Fluids

Fluids

Altitude Settings – Airfoil – Ansys Fluent

    • rbam
      Subscriber

      Dear all, 


      I’m questioning about how do you define altitude in ANSYS Fluent.


      My aim is to simulate the flow around an airfoil at Mach=0.73 at sea level and at an altitude for example 40 000 ft.


      There are many discussions about it, but from my point of view, none of them answered properly and clearly about settings this parameter. I therefore create this discussion in order to receive answers to understand clearly how to define altitude by using examples at sea level and 40 000ft. 


      On my side, I’m confused between operating conditions, reference values, inlet-velocity BC with Supersonic/initial gauge pressure + outflow gauge pressure and Outlet-pressure BC with Gauge Pressure. It’s seem difficult to set correctly those values that’s why I am asking your help. (I’m using K-Omega SST as Turbulence Models)


      Please find below settings for both cases/ examples :


                                                      Sea Level          40 000 ft


      Altitude (ft)                                     0 ft              40 000


      Pressure (Pa)                            101325            19330


      Temperature (K)                          288,2             216,7


      Air Density (kg/m3)                    1,225             0,3109


      Speed of Sound (m/s)                  343                295


      Kinematic Viscosity (m2/s)      1,46e-05       4,57e-05


      Dynamic Viscosity (kg/m.s)     1,79e-05       1,42e-05


      Can someone fill the attachement of what should be the values replacing interrogation marks for both cases and give us an explanation of how and why ?


      Thank you in advance for your support,


       Romain



    • Rob
      Ansys Employee

      We just change the operating pressure and/or material properties if we can assume they're constant. You can't assume constant properties as gas is generally compressible over about 0.3M   


      I'd not worry too much about the solver for now. Review some of the videos on line and in the Fluent documentation. Then compare your mesh with those before returning to Meshing to fix yours. 

    • rbam
      Subscriber

      Hi, 


      When you said you change the operating pressure and/or material properties, so if I understand well you will define as 101300 Pa for Sea Level and 19330 Pa for 40 000 ft. and put 0 everywhere else ? I do not understand what I need to fix with my mesh ?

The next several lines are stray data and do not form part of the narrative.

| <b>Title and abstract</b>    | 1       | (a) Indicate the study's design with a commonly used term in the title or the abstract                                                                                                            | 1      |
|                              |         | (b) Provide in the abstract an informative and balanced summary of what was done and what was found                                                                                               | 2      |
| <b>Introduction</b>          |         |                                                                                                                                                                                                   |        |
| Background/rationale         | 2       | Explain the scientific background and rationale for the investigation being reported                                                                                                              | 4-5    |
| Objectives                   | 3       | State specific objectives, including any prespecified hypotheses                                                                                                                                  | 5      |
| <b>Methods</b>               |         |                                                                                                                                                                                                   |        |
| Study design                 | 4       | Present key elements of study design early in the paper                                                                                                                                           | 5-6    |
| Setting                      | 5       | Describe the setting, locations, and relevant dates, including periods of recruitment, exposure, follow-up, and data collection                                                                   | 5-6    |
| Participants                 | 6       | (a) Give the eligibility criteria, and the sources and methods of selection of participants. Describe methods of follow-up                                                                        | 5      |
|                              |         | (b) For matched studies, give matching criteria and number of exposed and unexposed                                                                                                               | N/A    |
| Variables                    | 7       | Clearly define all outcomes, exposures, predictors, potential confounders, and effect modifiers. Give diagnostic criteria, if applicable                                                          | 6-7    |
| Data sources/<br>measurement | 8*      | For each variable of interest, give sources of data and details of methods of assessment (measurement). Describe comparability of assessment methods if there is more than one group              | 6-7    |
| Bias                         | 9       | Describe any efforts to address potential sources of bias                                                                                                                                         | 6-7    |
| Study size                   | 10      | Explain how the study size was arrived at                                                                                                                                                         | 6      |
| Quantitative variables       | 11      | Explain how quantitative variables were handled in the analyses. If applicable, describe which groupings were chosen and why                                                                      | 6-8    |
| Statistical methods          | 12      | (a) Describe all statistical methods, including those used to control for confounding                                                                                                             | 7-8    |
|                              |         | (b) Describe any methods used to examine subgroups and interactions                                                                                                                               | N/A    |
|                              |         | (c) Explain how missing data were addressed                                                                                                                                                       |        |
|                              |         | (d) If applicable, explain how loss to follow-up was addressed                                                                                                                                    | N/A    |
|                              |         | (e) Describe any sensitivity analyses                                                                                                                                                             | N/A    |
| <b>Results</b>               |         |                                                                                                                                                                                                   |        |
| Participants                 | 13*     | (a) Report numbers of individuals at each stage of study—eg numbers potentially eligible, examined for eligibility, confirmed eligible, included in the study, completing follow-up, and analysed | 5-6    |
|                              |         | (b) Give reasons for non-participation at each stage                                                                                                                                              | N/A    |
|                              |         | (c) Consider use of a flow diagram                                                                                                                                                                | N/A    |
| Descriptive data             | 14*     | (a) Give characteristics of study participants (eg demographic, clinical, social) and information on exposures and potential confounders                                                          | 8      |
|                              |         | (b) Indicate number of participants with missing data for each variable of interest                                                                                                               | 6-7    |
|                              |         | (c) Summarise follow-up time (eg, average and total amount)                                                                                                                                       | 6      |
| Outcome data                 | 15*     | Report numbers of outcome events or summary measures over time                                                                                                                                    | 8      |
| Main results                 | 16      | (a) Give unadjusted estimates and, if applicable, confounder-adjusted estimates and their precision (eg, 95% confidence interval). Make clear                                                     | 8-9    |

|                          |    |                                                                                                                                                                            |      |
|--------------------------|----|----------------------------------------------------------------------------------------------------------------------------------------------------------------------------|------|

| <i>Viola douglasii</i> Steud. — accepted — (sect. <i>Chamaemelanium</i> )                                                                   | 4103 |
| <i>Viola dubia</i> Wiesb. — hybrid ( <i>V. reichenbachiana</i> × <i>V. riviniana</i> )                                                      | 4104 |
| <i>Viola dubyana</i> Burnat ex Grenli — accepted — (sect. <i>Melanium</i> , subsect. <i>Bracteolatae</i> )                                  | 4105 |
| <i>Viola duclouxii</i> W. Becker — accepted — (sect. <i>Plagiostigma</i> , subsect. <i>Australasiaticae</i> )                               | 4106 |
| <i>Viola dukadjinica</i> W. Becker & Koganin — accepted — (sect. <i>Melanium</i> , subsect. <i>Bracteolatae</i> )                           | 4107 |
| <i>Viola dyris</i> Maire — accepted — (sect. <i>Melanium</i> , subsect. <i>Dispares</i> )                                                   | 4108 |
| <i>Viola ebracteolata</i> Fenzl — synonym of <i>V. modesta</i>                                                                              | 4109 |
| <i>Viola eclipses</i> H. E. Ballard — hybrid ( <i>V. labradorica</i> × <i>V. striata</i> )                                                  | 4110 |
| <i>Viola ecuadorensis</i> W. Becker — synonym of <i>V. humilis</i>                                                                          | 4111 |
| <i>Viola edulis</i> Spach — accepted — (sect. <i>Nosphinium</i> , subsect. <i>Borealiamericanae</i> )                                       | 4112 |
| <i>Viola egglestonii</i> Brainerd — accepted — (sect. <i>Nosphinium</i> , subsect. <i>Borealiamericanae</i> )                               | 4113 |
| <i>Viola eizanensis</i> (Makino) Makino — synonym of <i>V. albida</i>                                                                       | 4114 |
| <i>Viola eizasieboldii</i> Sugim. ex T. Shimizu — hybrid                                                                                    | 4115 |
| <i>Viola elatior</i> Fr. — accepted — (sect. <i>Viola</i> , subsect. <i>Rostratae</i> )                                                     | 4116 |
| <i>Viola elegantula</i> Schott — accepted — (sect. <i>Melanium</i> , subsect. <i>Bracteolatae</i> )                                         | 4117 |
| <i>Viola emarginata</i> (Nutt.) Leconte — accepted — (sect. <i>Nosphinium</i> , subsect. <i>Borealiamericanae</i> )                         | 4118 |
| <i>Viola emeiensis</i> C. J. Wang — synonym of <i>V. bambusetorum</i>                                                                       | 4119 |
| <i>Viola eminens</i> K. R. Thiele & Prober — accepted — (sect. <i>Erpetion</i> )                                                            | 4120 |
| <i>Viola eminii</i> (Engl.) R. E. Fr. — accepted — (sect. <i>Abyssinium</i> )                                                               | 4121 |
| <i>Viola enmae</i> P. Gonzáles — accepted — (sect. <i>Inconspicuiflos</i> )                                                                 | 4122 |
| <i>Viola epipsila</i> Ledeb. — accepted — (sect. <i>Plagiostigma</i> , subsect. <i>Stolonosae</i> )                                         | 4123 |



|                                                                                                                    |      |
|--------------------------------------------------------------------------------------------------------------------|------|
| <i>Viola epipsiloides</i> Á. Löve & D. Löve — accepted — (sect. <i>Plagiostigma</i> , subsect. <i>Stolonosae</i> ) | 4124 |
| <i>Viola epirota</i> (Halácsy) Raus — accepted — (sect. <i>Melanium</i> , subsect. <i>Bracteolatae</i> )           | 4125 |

Could you expand upon that and explain more specifically what you mean with your previous answer,


      Kind Regards,

    • Rob
      Ansys Employee

      Pressure is about right, yes, and I assume you're using a compressible gas? Otherwise the change in operating pressure is pointless. 


      Have a look at the various aerofoil videos online (and via Help in Fluent) and compare the cell size, aspect ratio & growth rate with the tutorials. 

    • rbam
      Subscriber

      Thank you for your answer, I'll have a look for the meshing. Yes, I'm using ideal gas/compressible gas in material properties.


      By reading Ansys Fluent Documentation and others, I understood that :


      Gauge Pressure = Absolute Pressure of the System - Atmospheric Pressure (101325 Pa)


      For example , Absolute Pressure of the System at 40 000ft will be, with previous data, 19330 Pa + 101325 Pa = 120655 Pa. Am I Right ?


      And as the documentation says, if we set the operating pressure to zero instead of Sea Level (101325 Pa), gauge pressure and absolute pressure are equivalent. (Following picture helps me to understand ©engineeringtoolbox)



      However, can you help me understand the following notions, supersonic/initial gauge pressure and outflow gauge pressure of the BC inlet-velocity ? And how to set them ? Are they equal ? 

    • Rob
      Ansys Employee

      Operating pressure is the equivalent to gauge pressure.  I think it's set to zero in most tutorials for aerofoils. 


      As you have compressible flow and nothing around the wing you'll also want to look at the far-field boundary: again it's demonstrated in the tutorials. 

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